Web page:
I wish we knew more about the conversations Loud had with Pickering. I wonder if they talked about having CC women catalog the stars. (Pickering hired many women for this purpose at Harvard, among them Annie Jump Cannon and Henrietta Swan Leavitt.)
The pencil is there to show scale. The text of the scroll reads:
Toot all a bored 1997 coal more and more coal hemanaigs [?] trunk line heavy poof down-n-out short list slate pleez run on time oil books books ABC lift cracker barrels Xercise off hours without spectacles bug footloose accordion to Sante Fe NM lake of [eye]’s? well worn out past hurts rent a car only five more or maybe seven american eagle oops Rocky Mountains either way just decide cross country advertisers end
Reverse: Mary Chenoweth June 1997 for Trudie Gregory all aboard
In honor of the Black Lives Matter movement, Special Collections digitized several Black newspapers in Colorado Springs, including The Colorado Springs Eagle (1912, ed. Julia Embry), The Voice of Colorado (1936-1937, ed. Tandy Stroud), and Colorado Springs Crusader (1982, ed. Dorothy Middleton). We also digitized two CC student publications, Black Literary Magazine 1978-1981, and Fight the Power 1991-1994. Searchable PDF files, and more, are linked from this page. Below are some excerpts.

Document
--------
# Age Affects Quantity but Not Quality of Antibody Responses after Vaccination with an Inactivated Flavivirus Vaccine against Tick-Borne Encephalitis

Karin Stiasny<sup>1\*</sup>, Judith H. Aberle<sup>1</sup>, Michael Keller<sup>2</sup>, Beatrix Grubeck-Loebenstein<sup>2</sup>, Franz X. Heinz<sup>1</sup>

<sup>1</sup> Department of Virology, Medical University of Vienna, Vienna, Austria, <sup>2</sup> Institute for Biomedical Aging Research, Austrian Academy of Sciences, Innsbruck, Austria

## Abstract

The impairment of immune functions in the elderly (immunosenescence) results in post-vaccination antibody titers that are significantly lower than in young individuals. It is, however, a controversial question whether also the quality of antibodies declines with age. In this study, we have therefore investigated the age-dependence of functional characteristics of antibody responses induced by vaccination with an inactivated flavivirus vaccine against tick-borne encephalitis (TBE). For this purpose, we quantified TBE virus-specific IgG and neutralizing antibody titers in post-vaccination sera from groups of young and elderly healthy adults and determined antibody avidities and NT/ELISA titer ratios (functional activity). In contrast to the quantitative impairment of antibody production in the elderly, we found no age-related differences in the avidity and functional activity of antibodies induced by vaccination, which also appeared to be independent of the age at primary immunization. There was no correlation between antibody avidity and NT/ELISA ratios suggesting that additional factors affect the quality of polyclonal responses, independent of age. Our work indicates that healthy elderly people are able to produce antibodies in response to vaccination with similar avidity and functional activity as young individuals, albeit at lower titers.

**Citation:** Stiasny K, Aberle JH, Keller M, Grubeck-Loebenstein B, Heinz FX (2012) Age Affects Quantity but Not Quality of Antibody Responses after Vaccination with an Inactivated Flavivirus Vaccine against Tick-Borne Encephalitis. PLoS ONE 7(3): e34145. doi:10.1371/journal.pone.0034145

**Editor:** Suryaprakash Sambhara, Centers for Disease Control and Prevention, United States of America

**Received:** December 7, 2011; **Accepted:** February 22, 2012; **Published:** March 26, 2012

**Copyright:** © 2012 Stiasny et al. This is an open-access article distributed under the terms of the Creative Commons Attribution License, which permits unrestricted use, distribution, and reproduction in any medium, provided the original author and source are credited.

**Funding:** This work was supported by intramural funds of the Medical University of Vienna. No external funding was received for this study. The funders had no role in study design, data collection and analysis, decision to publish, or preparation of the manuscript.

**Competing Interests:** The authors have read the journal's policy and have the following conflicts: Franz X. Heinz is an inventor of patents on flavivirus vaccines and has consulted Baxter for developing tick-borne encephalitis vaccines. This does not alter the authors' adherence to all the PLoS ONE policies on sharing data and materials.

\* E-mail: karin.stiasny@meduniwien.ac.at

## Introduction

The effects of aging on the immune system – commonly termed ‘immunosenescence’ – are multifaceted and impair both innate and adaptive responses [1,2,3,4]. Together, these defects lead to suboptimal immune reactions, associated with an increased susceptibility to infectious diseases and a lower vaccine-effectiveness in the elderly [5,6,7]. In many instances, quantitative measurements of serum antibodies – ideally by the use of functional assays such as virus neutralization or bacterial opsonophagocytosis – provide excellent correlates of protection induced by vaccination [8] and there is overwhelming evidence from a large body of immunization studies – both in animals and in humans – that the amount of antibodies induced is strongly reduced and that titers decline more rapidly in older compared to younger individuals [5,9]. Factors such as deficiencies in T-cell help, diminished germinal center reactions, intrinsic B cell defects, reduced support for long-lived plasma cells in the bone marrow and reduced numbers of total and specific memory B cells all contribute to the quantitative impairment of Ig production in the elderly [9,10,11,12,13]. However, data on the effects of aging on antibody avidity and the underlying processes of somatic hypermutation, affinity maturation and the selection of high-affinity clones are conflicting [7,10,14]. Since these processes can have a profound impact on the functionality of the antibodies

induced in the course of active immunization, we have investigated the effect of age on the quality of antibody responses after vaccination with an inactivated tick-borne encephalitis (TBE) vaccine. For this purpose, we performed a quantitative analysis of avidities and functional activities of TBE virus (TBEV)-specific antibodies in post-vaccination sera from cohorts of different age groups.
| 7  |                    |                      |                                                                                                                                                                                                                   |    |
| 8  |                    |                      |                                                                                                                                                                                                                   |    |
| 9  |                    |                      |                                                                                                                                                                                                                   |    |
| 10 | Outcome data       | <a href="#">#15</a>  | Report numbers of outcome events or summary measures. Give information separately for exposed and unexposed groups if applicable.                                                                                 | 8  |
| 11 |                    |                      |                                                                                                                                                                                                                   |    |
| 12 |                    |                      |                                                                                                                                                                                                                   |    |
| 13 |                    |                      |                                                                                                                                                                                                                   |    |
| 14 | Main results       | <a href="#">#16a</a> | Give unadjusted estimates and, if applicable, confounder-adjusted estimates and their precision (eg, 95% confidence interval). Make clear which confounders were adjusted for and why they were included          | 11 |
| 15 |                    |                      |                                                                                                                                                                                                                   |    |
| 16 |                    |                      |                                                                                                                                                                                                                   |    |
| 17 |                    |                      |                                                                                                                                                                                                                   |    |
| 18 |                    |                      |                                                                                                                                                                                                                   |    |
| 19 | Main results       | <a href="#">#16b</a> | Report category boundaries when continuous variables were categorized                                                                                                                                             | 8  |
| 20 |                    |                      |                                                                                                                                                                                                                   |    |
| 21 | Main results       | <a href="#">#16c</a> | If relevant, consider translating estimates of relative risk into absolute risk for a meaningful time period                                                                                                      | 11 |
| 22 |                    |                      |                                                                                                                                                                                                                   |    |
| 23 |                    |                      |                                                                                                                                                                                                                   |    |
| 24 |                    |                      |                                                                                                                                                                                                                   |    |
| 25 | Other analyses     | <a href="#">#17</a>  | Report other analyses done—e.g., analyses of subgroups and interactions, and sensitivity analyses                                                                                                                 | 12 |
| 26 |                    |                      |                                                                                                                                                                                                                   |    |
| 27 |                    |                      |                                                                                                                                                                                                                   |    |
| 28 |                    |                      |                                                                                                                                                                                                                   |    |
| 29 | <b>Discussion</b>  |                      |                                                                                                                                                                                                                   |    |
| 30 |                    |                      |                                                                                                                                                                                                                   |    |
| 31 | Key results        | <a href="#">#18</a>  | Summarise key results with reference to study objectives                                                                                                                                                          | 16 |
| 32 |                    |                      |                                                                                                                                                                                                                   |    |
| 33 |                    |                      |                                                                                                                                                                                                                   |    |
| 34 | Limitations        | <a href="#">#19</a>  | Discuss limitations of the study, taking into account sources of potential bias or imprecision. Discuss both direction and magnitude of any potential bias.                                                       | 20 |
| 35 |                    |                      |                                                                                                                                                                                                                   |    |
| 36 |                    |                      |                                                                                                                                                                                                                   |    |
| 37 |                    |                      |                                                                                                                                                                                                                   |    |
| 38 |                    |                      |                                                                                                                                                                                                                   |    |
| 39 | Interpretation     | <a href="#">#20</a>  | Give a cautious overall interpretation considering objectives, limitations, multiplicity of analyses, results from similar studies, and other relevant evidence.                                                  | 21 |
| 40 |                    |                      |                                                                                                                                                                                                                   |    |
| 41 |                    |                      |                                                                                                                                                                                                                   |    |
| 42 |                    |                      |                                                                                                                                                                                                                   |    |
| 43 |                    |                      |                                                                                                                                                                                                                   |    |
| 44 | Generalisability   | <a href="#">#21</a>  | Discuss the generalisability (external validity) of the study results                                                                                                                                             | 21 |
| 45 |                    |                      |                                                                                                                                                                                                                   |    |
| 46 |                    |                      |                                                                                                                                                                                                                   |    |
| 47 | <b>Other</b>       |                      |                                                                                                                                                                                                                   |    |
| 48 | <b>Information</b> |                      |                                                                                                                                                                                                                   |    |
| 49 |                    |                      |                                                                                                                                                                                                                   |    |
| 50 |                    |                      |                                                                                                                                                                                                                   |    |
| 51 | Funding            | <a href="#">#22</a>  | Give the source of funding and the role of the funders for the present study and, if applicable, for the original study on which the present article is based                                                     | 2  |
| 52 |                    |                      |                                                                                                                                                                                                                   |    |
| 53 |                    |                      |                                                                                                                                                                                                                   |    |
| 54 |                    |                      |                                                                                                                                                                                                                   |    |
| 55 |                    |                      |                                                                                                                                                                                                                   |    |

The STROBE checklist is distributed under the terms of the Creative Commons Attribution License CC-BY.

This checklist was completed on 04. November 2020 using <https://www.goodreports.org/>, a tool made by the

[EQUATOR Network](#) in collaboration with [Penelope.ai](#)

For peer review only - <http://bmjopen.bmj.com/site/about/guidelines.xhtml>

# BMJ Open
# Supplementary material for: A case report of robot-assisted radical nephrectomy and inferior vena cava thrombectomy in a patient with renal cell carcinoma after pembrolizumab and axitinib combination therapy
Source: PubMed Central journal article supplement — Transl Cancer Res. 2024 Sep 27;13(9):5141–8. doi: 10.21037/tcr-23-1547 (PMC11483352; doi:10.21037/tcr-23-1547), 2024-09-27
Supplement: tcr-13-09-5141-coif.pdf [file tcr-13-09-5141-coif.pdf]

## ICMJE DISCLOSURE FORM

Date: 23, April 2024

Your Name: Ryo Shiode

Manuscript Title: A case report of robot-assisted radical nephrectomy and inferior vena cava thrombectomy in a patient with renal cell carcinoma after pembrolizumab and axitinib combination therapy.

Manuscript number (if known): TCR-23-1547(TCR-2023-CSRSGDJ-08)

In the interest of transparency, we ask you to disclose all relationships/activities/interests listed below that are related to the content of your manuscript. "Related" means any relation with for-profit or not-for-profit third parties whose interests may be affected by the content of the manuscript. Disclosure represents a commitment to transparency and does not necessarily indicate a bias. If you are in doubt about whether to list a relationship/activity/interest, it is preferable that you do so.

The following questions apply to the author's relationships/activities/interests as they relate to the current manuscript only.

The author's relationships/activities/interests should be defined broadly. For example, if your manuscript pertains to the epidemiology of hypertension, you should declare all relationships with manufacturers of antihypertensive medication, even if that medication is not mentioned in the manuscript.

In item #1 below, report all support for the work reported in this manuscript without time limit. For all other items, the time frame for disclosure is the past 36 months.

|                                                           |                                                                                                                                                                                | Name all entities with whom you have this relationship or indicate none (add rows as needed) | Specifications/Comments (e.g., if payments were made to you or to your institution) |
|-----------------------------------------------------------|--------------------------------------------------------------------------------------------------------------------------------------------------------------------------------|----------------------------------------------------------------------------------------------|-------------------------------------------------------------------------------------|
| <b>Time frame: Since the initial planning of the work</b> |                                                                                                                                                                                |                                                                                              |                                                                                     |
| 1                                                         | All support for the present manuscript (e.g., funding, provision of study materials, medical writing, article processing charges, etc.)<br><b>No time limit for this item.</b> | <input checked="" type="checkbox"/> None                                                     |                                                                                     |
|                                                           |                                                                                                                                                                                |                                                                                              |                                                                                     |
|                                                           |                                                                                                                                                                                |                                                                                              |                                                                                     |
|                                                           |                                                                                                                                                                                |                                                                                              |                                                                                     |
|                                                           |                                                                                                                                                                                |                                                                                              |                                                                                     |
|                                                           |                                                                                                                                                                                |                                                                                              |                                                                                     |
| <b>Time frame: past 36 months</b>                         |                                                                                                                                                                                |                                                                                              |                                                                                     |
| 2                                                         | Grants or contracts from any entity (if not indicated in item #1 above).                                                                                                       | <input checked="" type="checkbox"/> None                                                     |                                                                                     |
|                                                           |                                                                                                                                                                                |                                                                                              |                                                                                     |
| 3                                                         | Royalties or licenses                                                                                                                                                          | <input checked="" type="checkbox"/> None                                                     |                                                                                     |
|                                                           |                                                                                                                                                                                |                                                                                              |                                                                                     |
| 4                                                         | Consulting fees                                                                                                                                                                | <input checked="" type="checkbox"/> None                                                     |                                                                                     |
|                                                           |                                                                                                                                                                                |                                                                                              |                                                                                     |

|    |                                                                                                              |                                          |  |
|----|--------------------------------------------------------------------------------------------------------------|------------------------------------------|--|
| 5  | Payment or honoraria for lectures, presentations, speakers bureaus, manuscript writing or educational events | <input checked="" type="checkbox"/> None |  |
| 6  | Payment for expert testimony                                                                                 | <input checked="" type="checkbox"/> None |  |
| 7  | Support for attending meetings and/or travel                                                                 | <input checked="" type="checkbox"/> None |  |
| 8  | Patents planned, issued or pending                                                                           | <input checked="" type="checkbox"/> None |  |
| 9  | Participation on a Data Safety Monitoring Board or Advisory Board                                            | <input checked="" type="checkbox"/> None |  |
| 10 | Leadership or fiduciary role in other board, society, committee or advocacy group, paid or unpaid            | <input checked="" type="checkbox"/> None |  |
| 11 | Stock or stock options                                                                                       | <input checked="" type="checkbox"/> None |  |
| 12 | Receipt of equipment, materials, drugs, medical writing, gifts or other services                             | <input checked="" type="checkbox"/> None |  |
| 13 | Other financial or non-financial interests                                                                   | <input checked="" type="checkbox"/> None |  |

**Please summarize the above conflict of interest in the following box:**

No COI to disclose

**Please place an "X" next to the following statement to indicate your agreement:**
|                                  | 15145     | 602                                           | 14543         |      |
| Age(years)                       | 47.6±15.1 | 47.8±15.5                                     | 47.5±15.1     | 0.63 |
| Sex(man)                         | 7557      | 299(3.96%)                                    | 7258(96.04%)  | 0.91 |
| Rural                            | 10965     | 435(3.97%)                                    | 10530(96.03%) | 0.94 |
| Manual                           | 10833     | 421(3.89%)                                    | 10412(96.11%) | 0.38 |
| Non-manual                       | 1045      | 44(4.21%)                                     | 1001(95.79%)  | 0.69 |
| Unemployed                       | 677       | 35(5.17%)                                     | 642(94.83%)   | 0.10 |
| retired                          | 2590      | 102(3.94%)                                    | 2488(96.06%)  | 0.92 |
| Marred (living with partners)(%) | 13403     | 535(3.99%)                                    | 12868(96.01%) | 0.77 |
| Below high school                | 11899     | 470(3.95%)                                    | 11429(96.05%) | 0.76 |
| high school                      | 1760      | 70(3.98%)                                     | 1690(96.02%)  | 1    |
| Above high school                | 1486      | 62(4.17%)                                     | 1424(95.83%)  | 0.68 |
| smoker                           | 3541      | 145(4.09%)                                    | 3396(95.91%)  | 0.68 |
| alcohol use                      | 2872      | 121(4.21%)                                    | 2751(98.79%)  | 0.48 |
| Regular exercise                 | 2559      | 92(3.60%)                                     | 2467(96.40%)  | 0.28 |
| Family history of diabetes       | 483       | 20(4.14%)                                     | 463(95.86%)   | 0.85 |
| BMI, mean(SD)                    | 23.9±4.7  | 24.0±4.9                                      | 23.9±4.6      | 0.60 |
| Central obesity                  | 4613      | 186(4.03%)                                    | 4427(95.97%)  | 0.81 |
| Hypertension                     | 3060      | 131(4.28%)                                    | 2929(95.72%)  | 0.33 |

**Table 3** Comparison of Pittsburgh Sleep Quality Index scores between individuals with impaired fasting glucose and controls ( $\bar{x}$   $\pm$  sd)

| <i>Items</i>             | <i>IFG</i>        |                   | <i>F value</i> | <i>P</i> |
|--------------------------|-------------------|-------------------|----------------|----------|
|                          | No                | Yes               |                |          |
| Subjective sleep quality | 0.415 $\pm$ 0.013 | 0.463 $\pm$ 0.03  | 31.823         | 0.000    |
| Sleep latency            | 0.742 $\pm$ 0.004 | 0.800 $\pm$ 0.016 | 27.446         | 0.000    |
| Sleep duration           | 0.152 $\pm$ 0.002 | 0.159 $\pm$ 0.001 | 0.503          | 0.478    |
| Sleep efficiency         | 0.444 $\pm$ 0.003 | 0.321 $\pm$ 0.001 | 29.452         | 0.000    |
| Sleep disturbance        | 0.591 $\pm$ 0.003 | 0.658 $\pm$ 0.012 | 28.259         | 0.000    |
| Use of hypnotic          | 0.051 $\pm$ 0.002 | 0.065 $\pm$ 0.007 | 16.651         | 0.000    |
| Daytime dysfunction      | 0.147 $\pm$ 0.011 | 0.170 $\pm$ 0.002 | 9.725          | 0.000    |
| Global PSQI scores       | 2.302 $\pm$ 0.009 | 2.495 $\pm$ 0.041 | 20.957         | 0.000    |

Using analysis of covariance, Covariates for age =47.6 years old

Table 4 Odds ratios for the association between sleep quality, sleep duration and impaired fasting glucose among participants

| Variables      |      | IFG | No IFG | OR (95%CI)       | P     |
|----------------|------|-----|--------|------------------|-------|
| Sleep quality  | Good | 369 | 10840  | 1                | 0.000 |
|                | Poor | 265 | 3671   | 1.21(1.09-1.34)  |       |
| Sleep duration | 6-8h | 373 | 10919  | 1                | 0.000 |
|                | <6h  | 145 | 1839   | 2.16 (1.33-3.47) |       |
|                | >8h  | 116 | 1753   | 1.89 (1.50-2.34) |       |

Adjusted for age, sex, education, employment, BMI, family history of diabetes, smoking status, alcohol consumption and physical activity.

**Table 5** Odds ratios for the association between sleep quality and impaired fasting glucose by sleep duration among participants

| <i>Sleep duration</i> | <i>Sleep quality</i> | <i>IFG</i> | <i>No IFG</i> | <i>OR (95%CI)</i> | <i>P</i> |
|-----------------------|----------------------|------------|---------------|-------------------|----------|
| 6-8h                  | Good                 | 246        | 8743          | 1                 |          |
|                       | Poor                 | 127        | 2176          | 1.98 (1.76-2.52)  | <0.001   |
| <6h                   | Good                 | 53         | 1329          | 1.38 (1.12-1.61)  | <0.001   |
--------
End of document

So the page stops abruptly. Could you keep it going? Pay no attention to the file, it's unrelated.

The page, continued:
You may be wondering what CC Special Collections is doing while it’s closed for in-person research. The answer is: a lot! But different things than usual.
We are helping researchers remotely, mostly by email. We are using the focused attention that comes with uninterrupted time to process manuscript collections such as the Van Briggle Pottery and Tile Company Records, which started out like this:
and are now fully cataloged, with a finding aid available upon request. We can’t usually use our reading room tables for this kind of thing, so there are some benefits to being closed! We are also doing little projects that we always meant to do but somehow never quite had time for, like home-making a foam holder for our cuneiforms:
We’ve also been digitizing up a storm. More about that in the next post!
In Spike Lee’s 2018 film BlacKkKlansman, based on Ron Stallworth’s memoir Black Klansman (Flatiron Books, 2018), the Colorado College Black Student Union invites Stokely Carmichael (also known as Kwame Ture) to speak on campus in the early 1970s.
Did that really happen?
YES! But not exactly in the way the film suggests.
In real life, Carmichael / Ture visited Colorado Springs in 1977 and spoke at Bell’s Nightingale Club. According to the memoir, Stallworth attended that event, but it was not connected to CC in any official or documented way.